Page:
Mon 05 Apr 2004 21:35:30 GMT

April 5, 2004

So we’re working on migrating our printing infrastructure from lprng-based to cups.

So I’m thinking I’m not treading new ground here. I’ve got about 10 or 12 printers in a network. Nothing fancy. Everyone prints to the local print server which redirects their job and/or filters it as need be. One catch, some of the printers are parallel or usb printers dangling off of some of the clients. So right now a user would print to the central print server, it would redirect it to an lpd on a client somewhere which has the printer directly connected and it would print. I’ve read up on this and this is a really tame printer configuration.

So I figure something similar will be easy under cups.

I look at the ServerName option in clients.conf – it looks like it does what I want, I set that and all the printer commands talk to the server for everything, no additional local queues and we’re cooking. Yay. However, I can’t have a locally defined printer on the machine then – it won’t accept the connections, so that’s out.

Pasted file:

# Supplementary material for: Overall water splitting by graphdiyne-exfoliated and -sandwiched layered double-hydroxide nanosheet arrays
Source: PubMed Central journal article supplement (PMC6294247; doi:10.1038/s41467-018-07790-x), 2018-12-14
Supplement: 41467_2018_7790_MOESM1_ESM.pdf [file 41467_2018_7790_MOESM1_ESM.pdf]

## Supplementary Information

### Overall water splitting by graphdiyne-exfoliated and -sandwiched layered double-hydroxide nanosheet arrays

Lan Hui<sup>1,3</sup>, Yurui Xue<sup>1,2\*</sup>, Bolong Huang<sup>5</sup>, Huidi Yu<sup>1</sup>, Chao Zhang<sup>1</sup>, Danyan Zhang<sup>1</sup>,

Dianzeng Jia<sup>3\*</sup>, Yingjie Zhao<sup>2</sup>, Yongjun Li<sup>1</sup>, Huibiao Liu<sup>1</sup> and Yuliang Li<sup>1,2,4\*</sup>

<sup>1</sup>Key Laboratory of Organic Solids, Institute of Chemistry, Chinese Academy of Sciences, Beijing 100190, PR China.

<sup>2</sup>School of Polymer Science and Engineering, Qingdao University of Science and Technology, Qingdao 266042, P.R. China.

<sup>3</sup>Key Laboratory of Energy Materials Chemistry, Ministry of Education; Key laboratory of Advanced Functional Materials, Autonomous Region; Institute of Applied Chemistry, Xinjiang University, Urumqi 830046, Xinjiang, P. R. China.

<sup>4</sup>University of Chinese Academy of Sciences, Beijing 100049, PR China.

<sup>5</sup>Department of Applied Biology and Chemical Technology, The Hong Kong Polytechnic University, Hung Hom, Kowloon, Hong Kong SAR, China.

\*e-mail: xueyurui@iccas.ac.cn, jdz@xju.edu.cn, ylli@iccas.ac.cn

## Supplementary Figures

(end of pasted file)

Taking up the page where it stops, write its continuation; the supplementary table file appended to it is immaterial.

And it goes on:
Then I look at browsepoll and acquiring the printers via the ipp browsing concept. This looks good, if I point the browsing at my print server and say ‘go get the printers on that machine’ it populates the lists and it’s looking tasty and good. But then everything is locally queued on the client and when I print I can’t remove the job from the central print server queue. I think: “surely this can’t be right, it must be a configuration silliness on my part.” Then I find this pain. Why on earth would I want to have to more-or-less guess to find the remote queue job id to just cancel a job from the queue is beyond me.

ok, so now I’m dropping back and punting and trying to find out if I can run cupsd on an alternate port to talk to a local printer to go back to step one and try again.

I will not be defeated yet.

If someone knows what I’m doing and knows how to make it work like I’d expect it to (which I admit is largely biased by my lprng background), I’d appreciate a note.


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